Euro zone inflation stabilizes in 'danger zone'

Fri Feb 28, 2014 11:06am EST
 
Email This Article |
Share This Article
  • Facebook
  • LinkedIn
  • Twitter
| Print This Article | Single Page
[-] Text [+]

By Jan Strupczewski

BRUSSELS (Reuters) - Euro zone inflation stabilized in the European Central Bank's "danger zone" in February but did not fall as expected, making it less likely the ECB will loosen monetary policy further at its monthly meeting next week.

European Union statistics office Eurostat estimated on Friday that consumer prices in the 18 countries sharing the euro rose an annual 0.8 percent this month. That was the same rate as in January and December, after readings of 0.9 percent in November and 0.7 percent in October.

Economists polled by Reuters had forecast inflation would slow to 0.7 percent. Fears the bloc may be at risk of deflation as it struggles to recover from its debt crisis have raised expectations the ECB will use interest rates or other policy tools to give the economy further support.

"The higher than expected inflation numbers reduce the chances of an ECB rate cut at next week's meeting, and we maintain the view that ... the central bank will keep rates on hold," said Nick Kounis, head of macro research at ABN AMRO.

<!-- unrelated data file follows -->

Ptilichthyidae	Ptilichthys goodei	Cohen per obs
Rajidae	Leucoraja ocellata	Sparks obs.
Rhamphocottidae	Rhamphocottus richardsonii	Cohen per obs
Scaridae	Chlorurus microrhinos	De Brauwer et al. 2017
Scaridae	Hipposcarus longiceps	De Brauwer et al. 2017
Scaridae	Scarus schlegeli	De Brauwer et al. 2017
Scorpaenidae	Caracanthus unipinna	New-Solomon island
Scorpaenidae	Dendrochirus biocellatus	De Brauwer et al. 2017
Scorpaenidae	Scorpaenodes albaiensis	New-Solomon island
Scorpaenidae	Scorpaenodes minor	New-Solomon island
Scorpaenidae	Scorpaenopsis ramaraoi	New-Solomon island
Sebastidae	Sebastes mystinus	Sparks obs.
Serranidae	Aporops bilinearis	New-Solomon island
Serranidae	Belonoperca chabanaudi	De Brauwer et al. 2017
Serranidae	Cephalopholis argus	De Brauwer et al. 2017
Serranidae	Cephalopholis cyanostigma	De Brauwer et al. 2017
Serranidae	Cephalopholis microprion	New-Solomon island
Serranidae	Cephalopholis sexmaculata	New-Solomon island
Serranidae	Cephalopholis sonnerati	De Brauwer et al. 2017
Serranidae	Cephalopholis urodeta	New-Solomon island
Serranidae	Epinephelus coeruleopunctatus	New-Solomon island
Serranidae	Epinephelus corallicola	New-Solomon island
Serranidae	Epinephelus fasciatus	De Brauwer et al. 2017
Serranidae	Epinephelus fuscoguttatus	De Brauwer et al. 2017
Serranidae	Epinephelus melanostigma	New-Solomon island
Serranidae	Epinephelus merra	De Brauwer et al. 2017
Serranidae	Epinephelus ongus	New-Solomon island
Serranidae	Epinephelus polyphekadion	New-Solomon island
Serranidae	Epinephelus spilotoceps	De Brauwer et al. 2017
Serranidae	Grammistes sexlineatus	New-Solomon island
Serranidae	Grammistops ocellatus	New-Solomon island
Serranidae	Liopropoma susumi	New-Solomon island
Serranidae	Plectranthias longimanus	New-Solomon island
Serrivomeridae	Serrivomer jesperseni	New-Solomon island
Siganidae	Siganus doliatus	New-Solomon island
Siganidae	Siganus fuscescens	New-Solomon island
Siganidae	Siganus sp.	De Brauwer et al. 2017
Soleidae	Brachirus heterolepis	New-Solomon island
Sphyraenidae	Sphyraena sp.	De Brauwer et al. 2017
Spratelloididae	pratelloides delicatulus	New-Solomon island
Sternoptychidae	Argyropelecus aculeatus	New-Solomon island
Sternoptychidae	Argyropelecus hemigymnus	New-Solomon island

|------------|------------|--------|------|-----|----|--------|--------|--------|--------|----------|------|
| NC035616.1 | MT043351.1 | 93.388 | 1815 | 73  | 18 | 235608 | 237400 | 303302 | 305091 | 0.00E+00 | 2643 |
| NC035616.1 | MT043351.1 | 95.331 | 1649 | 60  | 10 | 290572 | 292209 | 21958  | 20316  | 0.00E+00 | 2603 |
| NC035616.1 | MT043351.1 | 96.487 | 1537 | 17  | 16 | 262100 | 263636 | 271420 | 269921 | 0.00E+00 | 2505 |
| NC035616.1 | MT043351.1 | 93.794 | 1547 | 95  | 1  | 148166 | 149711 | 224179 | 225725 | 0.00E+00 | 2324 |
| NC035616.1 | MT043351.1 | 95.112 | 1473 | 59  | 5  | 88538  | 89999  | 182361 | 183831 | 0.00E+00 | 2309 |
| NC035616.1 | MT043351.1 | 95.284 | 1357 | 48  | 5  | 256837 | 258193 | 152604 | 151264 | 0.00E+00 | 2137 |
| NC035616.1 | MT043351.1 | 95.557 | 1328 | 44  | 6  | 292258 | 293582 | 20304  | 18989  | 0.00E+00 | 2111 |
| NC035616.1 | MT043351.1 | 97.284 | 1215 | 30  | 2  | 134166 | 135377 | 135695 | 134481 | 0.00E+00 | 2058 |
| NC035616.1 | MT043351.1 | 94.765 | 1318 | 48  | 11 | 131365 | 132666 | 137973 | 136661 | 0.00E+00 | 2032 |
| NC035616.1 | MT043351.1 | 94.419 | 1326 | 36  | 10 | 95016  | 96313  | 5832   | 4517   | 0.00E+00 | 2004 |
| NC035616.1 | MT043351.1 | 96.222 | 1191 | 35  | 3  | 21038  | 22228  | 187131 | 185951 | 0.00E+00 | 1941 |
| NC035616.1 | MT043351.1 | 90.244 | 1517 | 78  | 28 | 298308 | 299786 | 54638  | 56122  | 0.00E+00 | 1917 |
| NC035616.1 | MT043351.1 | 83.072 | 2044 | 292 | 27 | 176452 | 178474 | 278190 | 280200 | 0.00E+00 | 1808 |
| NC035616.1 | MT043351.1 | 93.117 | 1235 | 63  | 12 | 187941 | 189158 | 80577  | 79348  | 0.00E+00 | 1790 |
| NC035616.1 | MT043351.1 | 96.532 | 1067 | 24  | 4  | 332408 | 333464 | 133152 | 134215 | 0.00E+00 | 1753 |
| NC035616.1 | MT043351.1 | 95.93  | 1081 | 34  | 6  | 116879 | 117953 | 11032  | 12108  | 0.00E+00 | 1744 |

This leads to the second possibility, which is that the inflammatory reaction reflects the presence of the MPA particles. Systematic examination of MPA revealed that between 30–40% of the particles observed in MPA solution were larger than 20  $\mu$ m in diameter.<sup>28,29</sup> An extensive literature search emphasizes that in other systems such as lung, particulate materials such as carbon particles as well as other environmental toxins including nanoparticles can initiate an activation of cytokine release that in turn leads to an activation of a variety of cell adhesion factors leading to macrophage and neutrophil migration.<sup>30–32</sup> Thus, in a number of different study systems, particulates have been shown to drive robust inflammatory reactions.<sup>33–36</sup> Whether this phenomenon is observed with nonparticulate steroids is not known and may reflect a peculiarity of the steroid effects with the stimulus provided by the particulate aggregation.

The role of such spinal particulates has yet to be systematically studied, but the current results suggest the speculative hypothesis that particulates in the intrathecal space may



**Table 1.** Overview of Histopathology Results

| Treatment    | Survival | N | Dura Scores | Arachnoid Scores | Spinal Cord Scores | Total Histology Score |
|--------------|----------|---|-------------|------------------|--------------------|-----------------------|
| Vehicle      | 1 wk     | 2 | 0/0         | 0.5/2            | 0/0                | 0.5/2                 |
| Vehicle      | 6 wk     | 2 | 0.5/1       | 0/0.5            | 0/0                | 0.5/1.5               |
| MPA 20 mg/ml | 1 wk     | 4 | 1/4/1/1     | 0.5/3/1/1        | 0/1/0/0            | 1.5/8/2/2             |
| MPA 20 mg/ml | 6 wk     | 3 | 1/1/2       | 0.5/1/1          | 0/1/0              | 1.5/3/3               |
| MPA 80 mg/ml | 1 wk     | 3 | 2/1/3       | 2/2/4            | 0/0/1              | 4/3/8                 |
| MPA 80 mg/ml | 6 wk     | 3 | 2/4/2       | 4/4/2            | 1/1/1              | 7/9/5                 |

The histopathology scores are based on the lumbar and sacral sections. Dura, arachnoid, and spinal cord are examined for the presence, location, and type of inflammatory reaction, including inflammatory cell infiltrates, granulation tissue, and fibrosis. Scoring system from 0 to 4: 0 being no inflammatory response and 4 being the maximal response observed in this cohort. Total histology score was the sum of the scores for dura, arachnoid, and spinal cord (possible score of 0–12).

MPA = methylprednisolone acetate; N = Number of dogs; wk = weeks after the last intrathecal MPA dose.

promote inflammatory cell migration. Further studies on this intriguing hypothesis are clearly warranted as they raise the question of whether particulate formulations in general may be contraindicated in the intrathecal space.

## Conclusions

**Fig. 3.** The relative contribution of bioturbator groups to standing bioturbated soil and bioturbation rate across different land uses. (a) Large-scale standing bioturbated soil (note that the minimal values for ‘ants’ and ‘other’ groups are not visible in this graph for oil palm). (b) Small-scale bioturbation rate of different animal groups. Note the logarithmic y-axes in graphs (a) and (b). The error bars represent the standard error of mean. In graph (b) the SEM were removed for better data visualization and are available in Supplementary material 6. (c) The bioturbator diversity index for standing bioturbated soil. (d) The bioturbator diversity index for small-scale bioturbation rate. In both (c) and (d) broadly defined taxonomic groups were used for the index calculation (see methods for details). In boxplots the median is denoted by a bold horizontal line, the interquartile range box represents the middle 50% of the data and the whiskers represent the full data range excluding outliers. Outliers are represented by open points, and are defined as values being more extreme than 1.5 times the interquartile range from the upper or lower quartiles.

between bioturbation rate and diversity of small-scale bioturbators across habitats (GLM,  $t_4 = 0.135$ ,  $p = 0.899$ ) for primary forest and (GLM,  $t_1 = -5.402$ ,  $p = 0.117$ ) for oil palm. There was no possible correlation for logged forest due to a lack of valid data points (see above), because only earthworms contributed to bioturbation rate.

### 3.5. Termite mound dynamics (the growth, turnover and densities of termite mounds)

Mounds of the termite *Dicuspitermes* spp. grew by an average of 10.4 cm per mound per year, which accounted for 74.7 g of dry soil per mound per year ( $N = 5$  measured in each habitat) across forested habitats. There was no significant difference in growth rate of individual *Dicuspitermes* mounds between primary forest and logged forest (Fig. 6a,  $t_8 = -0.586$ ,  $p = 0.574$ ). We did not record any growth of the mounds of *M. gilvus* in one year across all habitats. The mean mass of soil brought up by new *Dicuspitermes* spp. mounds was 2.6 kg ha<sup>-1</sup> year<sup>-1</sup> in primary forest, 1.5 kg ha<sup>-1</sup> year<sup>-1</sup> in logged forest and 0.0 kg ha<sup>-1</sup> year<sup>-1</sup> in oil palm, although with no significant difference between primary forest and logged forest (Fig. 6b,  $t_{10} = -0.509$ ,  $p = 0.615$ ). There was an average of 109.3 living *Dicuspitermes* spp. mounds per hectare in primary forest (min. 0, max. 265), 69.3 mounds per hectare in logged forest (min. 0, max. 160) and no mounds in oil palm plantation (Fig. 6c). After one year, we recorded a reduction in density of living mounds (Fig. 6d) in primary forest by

ECB President Mario Draghi has warned of the risk of inflation getting stuck in a danger zone below 1 percent, but said again on Thursday that there was clearly no deflation.

"While the ECB does not see deflation as a serious threat in the euro zone, it is worried about inflation staying below 1 percent for a prolonged period, thereby destabilizing inflation expectations," IHS Global Insight economist Howard Archer said.

"Consequently, it still looks touch-and-go whether the ECB will take any further stimulative action at its March 6 policy meeting. Much will likely depend on whether the ECB staff's new forecasts show euro zone consumer price inflation still below 2.0 percent in 2016."

The February inflation rate was stable because lower energy costs were offset by more expensive industrial goods and services, the Eurostat data showed.   Continued...

 
The euro sign landmark is seen at the headquarters (R) of the European Central Bank (ECB) in Frankfurt September 2, 2013. REUTERS/Kai Pfaffenbach